by Justice William W. Bedsworth
It was a billboard next to US 15 in Maryland. In big blue letters, trimmed in red, it shouted, “Timmerman.” Beneath, in letters of equally gaudy patriotism, but slightly smaller size, it solemnly proclaimed, “Conservative. Republican. American.” Beneath that, in letters of equal size, but considerably more mystery, it promised, “Beer. Wine. Cocktails.”
I had only been in Maryland a half-hour. I had just cruised across the state line from Gettysburg on my way to D.C., and I knew only two things about Mr. Timmerman: (1) He was running for Congress and (2) he had a six-point platform that consisted mostly of things I liked.
My wife insisted he had just neglected to remove the previous advertiser’s selling points from the bottom of the billboard, but I wasn’t sure. “Beer, wine, and cocktails” seemed to me a pretty effective campaign slogan. If he could find a way to deliver on that promise, I felt Mr. Timmerman was presidential timber.
Of course, I wasn’t registered to vote in Maryland, so the efficacy of Mr. Timmerman’s platform and advertising were pretty much academic. But it did occur to me that after 236 years, our country’s political acumen has finally bottomed out. At a time when we are putting robots on Mars and curing my best friends of cancer, our political system resembles nothing more than a fraternity plebiscite run by Bluto, Otter, and Flounder—a system in which a promise of beer, wine, and cocktails does not seem significantly more implausible than the others we hear.
Political advertising has proved you can build a sub-basement under the nadir. Our Supreme Court has detected human rights and a yearning to breathe free in corporate hearts previously thought to be metaphorical,(1) so now whatever gossamer restraints there were upon political advertising have been cast aside.
National candidates are free to obfuscate and prevaricate with impunity, explaining, “I didn’t say that! Some nameless, faceless—but human, and therefore possessed of free speech rights—corporate entity that isn’t me said that. In fact, they spent $30 million dollars saying that on every television station in America. But it wasn’t me.”
The blue states—so-called because they are controlled by political Crips—and the red states—Bloods territory—are spared political advertising because the electoral college(2) makes them irrelevant. Just as eight members of our Supreme Court are pretty much window dressing for the vote of Anthony Kennedy, forty of our fifty states will have no more say in the election of our president this year than Latvia. So neither party wastes its time advertising there.
California being one of those states, I am spared the litany of horribles conjured up by the Democrats and Republicans and ascribed—almost always baselessly—to their opponents.(3) As long as I stay here, the march toward Armageddon trumpeted by both parties remains background noise—Antietam cannon fire heard from Hagerstown.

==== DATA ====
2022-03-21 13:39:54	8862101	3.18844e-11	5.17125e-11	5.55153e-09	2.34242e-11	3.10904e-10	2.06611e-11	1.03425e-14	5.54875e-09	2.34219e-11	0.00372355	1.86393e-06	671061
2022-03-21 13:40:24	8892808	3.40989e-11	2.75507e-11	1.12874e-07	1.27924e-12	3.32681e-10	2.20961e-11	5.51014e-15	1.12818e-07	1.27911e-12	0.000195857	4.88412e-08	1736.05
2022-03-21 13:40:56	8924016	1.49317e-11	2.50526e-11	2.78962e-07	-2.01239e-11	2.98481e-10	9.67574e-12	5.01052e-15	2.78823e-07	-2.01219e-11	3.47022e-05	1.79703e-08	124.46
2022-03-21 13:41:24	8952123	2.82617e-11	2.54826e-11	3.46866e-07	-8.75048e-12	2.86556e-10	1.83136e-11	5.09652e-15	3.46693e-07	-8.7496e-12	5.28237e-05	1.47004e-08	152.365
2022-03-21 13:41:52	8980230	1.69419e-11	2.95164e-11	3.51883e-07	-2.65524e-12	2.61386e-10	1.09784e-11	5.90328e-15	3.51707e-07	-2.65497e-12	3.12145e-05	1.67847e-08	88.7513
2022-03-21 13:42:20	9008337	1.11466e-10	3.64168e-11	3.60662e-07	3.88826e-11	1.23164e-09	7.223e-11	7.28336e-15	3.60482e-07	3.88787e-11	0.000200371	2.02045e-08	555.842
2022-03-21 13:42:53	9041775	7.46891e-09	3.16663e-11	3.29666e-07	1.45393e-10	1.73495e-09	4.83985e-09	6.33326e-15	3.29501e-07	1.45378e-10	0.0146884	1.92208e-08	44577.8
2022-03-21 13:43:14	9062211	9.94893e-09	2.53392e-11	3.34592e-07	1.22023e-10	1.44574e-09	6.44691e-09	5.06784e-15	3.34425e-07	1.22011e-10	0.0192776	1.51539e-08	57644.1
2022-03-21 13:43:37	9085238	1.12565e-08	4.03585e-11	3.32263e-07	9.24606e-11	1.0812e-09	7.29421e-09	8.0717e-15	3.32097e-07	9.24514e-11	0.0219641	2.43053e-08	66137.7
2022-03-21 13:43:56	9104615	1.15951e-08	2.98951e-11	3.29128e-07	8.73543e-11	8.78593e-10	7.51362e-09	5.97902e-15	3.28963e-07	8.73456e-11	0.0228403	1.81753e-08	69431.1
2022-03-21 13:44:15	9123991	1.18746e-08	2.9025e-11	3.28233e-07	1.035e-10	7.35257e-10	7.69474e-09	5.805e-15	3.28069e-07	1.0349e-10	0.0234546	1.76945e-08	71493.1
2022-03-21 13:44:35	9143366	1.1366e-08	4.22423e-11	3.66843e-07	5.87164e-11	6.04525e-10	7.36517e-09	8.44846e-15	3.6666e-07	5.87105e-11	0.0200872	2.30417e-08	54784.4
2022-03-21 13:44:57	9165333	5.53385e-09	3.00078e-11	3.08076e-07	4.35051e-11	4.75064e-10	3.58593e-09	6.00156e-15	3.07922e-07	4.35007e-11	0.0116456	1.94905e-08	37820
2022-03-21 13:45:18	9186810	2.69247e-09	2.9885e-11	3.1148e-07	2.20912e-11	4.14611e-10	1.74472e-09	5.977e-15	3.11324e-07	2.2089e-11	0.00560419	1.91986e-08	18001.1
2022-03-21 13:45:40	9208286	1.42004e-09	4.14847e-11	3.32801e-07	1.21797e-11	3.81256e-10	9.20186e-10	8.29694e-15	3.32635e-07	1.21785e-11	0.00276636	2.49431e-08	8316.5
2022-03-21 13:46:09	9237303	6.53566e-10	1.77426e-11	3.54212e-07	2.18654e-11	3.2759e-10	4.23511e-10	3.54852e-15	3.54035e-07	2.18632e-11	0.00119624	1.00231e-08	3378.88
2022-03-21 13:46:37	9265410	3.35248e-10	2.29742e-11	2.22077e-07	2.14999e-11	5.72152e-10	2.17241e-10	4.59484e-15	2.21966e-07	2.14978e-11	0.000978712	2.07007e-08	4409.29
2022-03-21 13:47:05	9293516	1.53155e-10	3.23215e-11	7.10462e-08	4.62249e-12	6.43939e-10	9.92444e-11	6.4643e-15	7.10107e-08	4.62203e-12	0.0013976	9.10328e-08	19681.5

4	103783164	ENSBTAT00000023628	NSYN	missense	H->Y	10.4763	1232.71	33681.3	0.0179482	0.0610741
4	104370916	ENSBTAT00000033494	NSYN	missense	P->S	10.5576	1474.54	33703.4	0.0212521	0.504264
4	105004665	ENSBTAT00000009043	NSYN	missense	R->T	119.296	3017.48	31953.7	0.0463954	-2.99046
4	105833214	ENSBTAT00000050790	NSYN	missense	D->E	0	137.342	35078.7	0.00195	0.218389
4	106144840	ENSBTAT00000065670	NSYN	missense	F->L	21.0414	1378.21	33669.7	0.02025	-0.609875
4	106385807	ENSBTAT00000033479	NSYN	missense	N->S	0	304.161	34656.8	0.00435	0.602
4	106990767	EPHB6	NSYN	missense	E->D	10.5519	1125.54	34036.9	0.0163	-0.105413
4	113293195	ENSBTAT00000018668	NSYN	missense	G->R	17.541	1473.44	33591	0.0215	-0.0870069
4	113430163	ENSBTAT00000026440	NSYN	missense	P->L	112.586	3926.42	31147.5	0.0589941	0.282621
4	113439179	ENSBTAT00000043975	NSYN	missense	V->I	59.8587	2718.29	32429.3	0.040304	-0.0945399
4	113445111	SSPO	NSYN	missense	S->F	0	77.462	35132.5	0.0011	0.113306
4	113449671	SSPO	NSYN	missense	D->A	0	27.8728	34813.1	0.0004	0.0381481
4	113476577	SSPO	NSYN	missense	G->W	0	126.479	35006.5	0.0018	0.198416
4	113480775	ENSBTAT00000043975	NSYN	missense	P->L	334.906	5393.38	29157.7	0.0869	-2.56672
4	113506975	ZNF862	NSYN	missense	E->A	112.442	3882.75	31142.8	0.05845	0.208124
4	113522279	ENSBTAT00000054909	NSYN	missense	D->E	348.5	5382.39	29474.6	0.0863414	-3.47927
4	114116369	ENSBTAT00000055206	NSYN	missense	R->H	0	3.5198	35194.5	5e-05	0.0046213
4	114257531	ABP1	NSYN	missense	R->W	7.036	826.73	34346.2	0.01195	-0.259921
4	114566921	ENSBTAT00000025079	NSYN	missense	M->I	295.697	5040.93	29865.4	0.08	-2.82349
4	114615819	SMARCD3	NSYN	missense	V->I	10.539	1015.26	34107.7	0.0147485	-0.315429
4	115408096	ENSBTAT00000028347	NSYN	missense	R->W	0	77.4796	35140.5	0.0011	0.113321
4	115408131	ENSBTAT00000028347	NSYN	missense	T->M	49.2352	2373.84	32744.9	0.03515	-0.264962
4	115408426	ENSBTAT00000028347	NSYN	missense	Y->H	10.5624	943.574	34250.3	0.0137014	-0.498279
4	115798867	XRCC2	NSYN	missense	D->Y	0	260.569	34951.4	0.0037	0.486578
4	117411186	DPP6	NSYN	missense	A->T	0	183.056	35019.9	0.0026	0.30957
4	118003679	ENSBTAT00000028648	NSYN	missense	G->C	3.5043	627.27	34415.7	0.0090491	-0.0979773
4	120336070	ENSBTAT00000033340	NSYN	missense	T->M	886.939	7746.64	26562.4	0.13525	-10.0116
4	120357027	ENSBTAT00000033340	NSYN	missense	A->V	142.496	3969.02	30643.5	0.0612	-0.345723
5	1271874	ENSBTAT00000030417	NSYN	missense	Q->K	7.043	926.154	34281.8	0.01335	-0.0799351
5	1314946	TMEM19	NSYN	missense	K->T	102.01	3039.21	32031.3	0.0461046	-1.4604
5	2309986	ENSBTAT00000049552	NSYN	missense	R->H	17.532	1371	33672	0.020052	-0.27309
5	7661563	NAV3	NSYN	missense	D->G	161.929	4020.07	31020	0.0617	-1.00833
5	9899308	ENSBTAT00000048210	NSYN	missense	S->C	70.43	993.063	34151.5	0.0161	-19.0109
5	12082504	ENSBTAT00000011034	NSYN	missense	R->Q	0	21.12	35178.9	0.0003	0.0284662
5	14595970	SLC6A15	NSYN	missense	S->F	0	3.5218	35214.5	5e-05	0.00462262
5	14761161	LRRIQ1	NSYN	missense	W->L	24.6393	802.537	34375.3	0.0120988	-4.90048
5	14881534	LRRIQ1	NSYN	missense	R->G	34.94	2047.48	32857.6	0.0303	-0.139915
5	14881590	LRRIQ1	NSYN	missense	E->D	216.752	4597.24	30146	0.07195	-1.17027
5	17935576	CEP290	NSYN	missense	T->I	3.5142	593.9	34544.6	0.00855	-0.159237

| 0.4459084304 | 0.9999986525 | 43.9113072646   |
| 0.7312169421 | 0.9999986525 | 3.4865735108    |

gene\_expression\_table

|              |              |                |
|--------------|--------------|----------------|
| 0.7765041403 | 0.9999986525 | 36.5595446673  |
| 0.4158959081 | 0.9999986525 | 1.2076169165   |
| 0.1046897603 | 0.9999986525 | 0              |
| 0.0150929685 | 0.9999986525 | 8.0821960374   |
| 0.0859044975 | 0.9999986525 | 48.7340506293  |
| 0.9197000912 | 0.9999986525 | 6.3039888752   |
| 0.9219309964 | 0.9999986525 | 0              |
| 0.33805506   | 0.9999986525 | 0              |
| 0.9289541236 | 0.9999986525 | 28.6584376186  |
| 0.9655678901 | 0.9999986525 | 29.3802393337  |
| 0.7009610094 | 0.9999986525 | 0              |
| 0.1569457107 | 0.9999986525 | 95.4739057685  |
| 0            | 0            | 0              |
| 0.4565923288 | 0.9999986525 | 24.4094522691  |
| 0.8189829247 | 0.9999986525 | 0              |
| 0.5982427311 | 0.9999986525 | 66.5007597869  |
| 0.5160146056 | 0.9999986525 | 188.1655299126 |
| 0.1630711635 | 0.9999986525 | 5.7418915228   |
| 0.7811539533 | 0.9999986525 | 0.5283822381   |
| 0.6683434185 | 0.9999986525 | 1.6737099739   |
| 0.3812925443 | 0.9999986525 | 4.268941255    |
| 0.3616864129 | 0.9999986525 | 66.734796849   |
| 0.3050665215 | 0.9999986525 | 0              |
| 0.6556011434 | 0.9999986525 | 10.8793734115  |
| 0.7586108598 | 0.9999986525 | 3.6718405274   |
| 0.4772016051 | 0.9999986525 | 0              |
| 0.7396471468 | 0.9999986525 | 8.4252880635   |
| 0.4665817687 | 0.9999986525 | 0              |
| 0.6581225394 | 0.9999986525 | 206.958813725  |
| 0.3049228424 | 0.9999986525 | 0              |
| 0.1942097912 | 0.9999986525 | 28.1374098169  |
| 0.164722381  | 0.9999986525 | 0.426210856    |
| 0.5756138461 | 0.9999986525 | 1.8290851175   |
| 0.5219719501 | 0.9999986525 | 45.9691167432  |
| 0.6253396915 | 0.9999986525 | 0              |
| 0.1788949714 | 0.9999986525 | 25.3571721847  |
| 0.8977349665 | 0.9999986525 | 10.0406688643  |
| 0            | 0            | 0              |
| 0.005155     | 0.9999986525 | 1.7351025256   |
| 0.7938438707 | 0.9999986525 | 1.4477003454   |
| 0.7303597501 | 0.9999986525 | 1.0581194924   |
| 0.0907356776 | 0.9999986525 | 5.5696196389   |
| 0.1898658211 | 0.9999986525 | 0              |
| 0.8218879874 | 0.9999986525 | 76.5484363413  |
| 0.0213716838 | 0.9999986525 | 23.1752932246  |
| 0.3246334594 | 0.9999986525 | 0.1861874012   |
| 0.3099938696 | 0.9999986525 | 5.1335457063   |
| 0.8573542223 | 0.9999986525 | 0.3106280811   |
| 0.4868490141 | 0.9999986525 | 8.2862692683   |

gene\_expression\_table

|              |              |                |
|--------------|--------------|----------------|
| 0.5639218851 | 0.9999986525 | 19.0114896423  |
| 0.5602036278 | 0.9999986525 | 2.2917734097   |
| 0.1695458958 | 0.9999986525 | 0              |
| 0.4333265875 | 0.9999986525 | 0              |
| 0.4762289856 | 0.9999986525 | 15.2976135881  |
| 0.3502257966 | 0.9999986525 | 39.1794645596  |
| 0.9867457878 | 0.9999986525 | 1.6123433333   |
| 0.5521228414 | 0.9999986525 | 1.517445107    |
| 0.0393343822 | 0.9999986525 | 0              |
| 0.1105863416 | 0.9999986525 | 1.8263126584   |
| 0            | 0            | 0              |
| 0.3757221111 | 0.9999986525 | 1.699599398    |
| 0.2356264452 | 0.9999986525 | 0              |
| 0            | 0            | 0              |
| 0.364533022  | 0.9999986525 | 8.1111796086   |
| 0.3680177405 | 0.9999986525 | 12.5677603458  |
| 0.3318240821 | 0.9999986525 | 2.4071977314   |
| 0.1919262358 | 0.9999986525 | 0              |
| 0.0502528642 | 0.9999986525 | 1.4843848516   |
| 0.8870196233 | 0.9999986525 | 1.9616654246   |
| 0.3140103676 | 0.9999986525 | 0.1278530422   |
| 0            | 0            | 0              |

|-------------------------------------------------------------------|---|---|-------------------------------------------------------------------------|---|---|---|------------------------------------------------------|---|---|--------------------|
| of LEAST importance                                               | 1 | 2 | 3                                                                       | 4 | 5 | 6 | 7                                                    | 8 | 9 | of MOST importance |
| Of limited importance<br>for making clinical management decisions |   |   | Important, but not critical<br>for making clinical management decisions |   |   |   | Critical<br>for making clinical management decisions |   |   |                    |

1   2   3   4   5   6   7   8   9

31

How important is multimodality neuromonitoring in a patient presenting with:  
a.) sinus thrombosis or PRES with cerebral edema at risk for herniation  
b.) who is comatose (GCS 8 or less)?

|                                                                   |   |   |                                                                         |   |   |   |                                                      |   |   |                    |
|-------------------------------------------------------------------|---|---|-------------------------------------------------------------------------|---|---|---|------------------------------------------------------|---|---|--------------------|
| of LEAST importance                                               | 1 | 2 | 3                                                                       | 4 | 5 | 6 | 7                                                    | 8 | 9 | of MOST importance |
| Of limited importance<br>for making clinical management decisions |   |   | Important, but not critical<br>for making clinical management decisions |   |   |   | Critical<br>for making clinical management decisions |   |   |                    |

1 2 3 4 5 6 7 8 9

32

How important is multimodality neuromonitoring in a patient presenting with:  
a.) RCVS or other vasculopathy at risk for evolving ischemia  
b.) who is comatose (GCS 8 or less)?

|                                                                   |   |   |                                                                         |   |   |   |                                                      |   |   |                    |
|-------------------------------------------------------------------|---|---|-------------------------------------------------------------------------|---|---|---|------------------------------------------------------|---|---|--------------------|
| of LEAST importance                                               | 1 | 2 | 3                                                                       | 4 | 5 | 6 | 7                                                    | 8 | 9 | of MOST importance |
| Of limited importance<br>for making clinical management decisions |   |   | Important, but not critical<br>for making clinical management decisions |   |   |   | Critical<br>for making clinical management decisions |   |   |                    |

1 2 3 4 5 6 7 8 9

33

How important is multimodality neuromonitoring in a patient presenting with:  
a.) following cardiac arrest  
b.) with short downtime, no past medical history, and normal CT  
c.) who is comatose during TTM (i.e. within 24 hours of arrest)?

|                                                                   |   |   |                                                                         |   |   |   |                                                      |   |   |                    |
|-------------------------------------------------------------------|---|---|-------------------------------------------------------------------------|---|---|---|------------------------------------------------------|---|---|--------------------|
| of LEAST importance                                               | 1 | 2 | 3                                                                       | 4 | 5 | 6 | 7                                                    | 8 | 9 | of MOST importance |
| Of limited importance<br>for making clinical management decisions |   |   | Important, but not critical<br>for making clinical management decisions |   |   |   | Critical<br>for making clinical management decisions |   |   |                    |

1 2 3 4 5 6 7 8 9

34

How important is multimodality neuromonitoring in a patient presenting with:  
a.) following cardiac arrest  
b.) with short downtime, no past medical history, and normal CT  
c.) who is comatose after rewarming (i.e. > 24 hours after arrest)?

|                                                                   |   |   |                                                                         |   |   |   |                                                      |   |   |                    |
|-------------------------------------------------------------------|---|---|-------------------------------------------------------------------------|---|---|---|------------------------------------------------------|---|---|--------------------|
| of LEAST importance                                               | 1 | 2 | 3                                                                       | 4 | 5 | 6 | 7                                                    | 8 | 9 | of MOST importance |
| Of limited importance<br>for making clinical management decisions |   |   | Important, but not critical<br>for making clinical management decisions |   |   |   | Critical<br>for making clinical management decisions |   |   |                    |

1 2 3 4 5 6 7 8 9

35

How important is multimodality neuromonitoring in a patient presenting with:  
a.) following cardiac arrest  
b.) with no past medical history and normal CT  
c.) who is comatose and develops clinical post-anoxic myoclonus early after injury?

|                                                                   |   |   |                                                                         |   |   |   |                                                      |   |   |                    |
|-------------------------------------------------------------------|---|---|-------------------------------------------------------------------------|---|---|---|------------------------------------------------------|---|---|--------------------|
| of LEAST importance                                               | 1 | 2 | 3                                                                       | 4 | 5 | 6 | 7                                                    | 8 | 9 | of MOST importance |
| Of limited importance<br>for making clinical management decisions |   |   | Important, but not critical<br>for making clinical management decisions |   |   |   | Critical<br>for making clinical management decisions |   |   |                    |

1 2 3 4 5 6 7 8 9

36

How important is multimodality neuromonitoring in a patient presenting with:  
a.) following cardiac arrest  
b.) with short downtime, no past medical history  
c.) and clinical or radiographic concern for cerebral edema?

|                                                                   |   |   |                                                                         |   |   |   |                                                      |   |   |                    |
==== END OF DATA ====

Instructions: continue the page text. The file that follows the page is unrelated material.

But there are a group of states—Ohio, Pennsylvania, Florida, Colorado, Iowa, Wisconsin, Virginia, North Carolina, Fredonia, Transylvestite, East Moravia, Hogwarts Academy, and a couple others I can’t remember—that have not yet decided whether to wear red or blue.
I found myself in a couple of these battleground states on my vacation and the ubiquitous political ads taught me that one presidential candidate is an alien from the planet Cygnus 24B who wants to eat those of us who own firearms and sell the rest of us into slavery. The other has five felony convictions, hates puppies, and is not in prison only because he owns the federal prison system and has a more powerful religion than his opponent, which enables him to leap tall buildings at a single bound.
If the American people believed more than half of what they’re told about these two men, they’d be showing up at political rallies with pitchforks and torches. The crowds of adoring supporters would be replaced by process servers and egg-throwers.
But they don’t. Most seem to believe exactly half—either the half served up by Fox News or the half doled out by MSNBC. Their votes having been locked in, it appears our next president will be chosen by a small band of voters in a small band of states who will somehow remain “undecided” until they walk into the voting booth and take out their coin.
Meanwhile, Congress has folded up its tent and gone home. In the words of the Associated Press, “The most partisan, least productive Congress in memory has skipped out of Washington so lawmakers can make their case for voters to re-elect them.”
This happened on September 22.
Yes, September. Apparently they couldn’t trust the PACs and Super-PACs who have been tossing Molotovs at the other side since the summer solstice to complete their surrogate calumnies without personal supervision.
Having taken care of all the important legislation like designating National Pie-Eating Week and receiving the report of the sub-committee on farm subsidies for rutabagas and candy corn, they turned out the lights, locked the door, and rushed home to put on their American flag ties and go tell lies to the Kiwanis.
This upsets me.